To enlighten the viewer (or wearer) on the swimsuit with a cape, I shall provide here a brief explanation of my theme and how it came about:
Briefly, it explores the defensive attitude that humans have with nature.
A brilliant reference point for me, and an excellent way for the viewer to understand this concept, is the book The Day of the Triffids by John Wyndham, written in 1951. An illustration of the post-apocalyptic novel is shown above; the story of a sort of whip-like plant species that conquers world. Basically it details a powerful natural force and consequential human fear.
I have observed two juxaposing aesthetics in design today, which I categorise as decay and armor. The natual environment’s power is seen in many designs, where organic shapes and lines are prevelant, with fashion designers like Rodarte referencing decay with misformed knits or architects like youmeheshe imitating the spiders web to connect their structures.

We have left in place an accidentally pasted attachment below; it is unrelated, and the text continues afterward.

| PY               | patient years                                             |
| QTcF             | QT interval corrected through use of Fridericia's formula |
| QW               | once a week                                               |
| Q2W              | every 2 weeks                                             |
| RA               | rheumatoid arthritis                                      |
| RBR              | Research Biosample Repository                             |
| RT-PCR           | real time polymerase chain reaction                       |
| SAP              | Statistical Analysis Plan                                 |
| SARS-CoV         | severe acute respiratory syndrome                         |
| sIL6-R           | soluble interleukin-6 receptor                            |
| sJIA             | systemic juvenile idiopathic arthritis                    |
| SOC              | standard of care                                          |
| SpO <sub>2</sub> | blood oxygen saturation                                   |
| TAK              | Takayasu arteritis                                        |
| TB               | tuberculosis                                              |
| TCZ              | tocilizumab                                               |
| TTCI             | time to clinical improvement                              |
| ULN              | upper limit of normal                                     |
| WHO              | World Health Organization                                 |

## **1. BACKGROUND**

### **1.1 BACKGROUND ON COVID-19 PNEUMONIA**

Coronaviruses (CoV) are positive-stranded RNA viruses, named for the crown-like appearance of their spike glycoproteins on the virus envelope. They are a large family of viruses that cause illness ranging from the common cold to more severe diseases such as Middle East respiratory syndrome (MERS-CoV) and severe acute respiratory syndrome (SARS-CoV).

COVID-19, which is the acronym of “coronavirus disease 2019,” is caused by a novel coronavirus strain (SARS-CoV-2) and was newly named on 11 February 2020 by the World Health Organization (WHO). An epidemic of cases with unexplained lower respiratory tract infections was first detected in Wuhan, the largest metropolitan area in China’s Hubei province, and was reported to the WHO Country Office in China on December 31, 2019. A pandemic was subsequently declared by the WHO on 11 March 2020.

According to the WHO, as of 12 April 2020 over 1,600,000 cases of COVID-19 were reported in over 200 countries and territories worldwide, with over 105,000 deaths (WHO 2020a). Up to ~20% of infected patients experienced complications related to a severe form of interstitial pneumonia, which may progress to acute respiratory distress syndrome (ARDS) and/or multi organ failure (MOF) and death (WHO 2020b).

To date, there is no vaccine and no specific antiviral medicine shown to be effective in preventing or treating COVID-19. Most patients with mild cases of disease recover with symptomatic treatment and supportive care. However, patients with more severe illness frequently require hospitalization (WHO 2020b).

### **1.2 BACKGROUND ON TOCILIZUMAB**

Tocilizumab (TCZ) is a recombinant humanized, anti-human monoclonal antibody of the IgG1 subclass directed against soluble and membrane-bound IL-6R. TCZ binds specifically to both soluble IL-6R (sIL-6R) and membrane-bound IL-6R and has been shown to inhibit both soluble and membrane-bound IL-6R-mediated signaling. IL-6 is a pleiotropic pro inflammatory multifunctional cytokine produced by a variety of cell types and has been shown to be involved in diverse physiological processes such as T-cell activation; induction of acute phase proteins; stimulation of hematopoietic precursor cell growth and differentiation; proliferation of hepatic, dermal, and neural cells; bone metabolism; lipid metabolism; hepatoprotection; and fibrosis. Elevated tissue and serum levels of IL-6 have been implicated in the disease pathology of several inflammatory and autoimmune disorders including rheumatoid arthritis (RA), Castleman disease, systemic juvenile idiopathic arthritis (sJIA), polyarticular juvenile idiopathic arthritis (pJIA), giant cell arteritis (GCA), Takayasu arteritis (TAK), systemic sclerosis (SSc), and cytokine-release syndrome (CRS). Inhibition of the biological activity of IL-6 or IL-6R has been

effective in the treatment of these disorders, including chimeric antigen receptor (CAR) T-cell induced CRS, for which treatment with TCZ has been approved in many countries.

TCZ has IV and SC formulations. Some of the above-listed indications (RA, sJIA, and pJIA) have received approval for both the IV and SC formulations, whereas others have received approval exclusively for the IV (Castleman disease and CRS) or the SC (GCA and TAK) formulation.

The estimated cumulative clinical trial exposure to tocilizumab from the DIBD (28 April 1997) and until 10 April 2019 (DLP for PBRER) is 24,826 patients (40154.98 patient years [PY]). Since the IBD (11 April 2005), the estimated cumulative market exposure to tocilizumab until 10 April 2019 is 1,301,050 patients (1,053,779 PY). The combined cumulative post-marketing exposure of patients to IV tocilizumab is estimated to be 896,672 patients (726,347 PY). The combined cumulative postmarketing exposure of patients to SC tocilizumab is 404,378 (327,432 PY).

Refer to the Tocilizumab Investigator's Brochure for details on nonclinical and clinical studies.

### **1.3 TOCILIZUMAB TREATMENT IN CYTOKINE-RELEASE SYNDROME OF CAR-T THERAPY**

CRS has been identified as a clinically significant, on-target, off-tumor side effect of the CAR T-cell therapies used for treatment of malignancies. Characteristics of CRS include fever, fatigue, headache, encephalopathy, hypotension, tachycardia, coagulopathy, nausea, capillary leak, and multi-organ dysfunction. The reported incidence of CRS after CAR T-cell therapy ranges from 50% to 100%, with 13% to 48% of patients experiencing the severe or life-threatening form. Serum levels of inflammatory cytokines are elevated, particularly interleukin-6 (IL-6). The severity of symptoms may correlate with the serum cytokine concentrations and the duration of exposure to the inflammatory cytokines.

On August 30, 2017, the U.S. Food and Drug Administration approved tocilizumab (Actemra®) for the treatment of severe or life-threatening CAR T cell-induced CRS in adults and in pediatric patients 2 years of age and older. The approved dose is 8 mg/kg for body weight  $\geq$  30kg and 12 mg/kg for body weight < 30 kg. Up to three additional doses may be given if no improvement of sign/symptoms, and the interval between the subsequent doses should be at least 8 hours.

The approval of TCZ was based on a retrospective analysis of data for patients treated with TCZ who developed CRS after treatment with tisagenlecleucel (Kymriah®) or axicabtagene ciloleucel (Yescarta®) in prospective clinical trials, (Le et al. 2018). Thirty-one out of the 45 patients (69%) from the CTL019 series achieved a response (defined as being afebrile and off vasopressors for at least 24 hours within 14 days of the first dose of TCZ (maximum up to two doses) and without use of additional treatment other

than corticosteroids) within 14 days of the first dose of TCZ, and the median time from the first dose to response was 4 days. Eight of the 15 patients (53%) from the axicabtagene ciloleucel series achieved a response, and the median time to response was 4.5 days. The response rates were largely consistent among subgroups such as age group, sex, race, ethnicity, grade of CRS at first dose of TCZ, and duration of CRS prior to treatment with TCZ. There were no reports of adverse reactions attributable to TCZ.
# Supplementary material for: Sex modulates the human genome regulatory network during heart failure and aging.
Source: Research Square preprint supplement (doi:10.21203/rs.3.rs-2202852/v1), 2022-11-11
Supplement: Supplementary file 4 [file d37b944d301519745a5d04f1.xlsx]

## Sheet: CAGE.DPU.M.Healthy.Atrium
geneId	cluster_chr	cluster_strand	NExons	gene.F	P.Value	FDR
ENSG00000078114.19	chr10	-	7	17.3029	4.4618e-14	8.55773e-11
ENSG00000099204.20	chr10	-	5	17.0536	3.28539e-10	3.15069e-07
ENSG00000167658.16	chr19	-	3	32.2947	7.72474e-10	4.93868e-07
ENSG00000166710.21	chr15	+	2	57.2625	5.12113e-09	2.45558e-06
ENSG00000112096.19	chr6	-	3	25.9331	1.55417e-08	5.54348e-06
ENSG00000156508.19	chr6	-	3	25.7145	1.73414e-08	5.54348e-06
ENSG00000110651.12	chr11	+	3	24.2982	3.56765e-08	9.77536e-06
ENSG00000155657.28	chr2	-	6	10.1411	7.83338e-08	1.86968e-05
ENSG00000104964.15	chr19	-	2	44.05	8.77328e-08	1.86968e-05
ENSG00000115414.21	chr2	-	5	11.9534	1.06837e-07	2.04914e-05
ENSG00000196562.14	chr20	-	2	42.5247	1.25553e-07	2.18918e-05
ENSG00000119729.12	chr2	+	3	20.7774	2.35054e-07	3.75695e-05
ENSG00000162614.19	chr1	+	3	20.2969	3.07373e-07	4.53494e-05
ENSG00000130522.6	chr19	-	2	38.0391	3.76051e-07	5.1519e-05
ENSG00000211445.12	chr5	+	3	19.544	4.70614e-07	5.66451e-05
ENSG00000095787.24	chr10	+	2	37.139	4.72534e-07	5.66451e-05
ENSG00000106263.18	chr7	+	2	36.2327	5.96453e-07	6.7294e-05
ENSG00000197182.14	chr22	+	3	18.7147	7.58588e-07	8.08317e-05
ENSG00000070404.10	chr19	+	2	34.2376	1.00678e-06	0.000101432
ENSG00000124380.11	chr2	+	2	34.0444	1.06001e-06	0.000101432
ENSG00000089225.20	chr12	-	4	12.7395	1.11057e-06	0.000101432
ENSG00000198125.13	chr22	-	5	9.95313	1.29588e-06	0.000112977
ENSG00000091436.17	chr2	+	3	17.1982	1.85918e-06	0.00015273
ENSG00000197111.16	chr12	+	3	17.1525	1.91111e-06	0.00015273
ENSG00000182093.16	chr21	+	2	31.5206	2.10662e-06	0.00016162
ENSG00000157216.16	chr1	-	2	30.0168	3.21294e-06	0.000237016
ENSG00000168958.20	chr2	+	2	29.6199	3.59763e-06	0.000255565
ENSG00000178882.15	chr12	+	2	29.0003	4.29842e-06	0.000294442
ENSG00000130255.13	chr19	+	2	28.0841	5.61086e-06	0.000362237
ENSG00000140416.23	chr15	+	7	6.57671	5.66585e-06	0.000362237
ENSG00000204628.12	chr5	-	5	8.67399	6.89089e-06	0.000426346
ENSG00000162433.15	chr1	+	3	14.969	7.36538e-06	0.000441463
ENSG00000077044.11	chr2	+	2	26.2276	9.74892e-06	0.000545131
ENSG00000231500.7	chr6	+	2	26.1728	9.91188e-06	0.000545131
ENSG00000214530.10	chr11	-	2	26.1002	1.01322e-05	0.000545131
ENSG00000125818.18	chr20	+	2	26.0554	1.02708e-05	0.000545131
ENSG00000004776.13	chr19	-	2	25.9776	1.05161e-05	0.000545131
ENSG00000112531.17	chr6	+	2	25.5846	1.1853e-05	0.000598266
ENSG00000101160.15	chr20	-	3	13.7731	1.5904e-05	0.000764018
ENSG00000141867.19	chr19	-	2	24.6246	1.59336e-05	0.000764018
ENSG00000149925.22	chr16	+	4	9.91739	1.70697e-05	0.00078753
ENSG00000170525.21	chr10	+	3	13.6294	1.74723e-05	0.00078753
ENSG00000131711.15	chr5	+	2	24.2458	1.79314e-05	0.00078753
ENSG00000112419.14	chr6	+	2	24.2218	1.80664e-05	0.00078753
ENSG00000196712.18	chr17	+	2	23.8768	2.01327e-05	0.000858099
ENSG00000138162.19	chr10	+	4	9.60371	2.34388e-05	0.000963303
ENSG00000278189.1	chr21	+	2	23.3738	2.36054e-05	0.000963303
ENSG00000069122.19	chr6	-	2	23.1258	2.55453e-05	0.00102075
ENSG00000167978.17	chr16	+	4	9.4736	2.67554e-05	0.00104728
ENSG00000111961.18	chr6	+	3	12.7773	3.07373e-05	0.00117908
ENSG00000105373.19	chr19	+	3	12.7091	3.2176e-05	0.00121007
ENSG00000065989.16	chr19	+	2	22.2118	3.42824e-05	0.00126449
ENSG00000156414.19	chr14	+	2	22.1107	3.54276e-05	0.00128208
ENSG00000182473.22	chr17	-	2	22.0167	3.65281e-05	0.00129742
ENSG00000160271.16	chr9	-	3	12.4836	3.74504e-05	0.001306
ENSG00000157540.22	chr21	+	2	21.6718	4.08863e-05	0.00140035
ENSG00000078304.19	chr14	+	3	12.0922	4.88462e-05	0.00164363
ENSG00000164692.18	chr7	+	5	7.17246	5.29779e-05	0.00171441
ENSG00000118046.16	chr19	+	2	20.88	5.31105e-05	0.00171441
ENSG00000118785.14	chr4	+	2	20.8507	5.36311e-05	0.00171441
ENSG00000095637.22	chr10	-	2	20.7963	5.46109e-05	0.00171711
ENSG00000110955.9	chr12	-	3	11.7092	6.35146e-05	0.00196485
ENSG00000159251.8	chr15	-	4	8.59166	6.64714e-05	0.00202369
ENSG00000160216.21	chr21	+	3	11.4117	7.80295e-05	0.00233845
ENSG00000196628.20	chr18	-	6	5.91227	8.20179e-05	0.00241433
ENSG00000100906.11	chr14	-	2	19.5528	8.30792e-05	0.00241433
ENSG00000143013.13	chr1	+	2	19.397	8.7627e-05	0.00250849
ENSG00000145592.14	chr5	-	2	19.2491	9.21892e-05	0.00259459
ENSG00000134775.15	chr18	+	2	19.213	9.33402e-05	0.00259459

Meanwhile, the agressive forms of armor are prevelant in car design, think Jeep, and in the shoulders of fashion design, see most designer collections.
To be so defensive toward nature is inefficient, and defines the reason for sustainability, where design works with, not against, natural form. Or at least, this is the purpose, hopefully one day to be realised. Of course, I will not insert the lengthy information that is available on this topic, but will passionately recommend anyone to research sustainability in design or even nature as inspiration for design (search TED talks on ted.com).
To develop a swimsuit that harnesses the practicality and steamlined likeness of nature I looked at the features of sportswear. I particularly like Mark Fast’s combination of streamlined practicality with organic lines in the form of handcrafted inserts.